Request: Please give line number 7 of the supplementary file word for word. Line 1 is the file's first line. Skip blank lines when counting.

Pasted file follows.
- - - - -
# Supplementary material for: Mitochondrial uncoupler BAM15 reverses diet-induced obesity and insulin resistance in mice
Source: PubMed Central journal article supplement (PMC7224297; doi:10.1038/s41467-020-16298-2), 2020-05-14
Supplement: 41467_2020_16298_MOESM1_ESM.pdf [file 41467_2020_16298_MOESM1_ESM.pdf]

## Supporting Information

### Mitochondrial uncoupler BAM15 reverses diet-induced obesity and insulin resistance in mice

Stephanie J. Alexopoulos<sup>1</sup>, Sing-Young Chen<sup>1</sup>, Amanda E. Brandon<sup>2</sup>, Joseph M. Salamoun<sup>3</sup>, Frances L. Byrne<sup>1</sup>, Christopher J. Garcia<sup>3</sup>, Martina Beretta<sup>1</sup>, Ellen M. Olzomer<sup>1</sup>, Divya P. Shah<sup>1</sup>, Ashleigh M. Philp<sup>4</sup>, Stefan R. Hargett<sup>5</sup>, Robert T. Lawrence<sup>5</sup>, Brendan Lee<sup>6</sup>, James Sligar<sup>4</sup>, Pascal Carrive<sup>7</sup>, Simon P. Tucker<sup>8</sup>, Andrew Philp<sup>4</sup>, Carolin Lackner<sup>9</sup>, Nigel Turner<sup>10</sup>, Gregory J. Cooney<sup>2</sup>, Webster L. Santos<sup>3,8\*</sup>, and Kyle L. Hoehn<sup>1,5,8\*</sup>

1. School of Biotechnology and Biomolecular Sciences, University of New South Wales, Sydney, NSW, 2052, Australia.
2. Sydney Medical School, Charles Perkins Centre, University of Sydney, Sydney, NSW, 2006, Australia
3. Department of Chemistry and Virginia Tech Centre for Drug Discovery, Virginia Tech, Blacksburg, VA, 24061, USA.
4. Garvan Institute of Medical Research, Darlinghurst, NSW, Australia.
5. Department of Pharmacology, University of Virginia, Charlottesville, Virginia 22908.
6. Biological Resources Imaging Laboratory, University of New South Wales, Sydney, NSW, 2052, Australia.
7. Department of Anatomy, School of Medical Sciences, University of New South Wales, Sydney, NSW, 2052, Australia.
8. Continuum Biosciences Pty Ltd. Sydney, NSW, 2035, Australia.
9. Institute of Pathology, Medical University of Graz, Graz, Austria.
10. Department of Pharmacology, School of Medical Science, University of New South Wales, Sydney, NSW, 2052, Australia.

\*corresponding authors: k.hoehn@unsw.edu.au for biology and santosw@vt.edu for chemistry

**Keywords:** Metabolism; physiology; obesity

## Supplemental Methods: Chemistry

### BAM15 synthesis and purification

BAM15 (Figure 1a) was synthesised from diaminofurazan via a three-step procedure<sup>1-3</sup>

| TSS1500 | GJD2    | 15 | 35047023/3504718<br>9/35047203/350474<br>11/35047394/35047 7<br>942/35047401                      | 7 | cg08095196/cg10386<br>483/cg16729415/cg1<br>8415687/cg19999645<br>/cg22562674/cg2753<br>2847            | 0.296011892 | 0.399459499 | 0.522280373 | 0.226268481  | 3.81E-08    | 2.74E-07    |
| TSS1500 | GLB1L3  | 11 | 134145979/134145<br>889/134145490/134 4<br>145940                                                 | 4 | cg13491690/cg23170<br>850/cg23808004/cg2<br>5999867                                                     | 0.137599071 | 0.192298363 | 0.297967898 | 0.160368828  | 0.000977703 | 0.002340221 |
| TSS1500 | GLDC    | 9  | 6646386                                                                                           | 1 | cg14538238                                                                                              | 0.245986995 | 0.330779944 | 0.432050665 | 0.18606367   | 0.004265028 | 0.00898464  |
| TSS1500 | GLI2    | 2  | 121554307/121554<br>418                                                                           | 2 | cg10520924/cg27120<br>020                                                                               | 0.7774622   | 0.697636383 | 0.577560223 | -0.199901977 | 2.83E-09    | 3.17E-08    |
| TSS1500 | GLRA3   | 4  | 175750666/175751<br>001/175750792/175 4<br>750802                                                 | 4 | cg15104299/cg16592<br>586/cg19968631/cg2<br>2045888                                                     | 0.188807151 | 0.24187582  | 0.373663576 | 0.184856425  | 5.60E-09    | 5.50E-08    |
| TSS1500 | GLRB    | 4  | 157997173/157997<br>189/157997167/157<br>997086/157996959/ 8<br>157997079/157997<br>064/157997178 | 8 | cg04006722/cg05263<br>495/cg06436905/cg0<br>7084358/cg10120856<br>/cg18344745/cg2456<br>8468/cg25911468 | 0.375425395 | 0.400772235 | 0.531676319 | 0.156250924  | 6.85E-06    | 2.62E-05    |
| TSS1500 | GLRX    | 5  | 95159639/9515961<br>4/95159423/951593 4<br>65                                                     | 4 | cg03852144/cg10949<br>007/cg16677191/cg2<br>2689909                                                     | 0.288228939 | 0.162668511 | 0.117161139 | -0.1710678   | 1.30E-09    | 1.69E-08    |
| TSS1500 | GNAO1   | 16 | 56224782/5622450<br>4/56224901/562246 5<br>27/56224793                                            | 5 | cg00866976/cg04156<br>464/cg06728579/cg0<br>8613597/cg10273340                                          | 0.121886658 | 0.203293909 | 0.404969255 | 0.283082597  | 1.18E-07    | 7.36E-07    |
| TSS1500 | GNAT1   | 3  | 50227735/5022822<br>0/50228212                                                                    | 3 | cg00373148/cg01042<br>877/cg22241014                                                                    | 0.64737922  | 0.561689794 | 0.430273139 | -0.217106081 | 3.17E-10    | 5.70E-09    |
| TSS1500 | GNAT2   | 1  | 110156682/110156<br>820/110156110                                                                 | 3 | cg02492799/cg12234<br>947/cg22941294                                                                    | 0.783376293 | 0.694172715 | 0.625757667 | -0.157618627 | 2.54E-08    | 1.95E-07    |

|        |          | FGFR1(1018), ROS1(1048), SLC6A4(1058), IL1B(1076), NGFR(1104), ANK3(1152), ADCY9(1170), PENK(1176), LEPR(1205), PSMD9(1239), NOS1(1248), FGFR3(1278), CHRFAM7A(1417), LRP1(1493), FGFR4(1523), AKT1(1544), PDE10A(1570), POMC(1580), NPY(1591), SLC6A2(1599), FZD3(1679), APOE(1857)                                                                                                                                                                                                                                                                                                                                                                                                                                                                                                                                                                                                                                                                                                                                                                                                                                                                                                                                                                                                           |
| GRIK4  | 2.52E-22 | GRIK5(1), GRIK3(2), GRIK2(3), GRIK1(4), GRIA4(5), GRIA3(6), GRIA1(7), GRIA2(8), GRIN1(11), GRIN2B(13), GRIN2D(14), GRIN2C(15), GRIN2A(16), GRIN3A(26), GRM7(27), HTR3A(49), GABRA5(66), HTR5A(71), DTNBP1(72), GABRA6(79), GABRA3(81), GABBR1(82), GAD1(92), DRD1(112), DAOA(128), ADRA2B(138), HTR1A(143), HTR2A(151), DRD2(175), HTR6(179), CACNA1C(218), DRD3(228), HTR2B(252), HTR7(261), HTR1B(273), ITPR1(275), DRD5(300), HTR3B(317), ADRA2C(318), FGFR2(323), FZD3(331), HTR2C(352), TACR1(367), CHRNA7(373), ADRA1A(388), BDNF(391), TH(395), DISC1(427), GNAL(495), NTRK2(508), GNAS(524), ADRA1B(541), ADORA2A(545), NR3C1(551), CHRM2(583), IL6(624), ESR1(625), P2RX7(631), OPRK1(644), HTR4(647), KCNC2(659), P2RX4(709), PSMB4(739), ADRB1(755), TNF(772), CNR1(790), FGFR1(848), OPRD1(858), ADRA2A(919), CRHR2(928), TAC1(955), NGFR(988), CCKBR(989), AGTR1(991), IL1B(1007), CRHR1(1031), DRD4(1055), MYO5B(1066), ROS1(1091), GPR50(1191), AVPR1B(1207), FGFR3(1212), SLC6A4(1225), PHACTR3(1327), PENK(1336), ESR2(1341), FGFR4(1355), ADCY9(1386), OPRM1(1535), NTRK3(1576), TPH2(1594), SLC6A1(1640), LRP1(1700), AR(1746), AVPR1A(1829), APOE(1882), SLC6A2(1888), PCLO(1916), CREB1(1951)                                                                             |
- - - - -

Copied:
1. School of Biotechnology and Biomolecular Sciences, University of New South Wales, Sydney, NSW, 2052, Australia.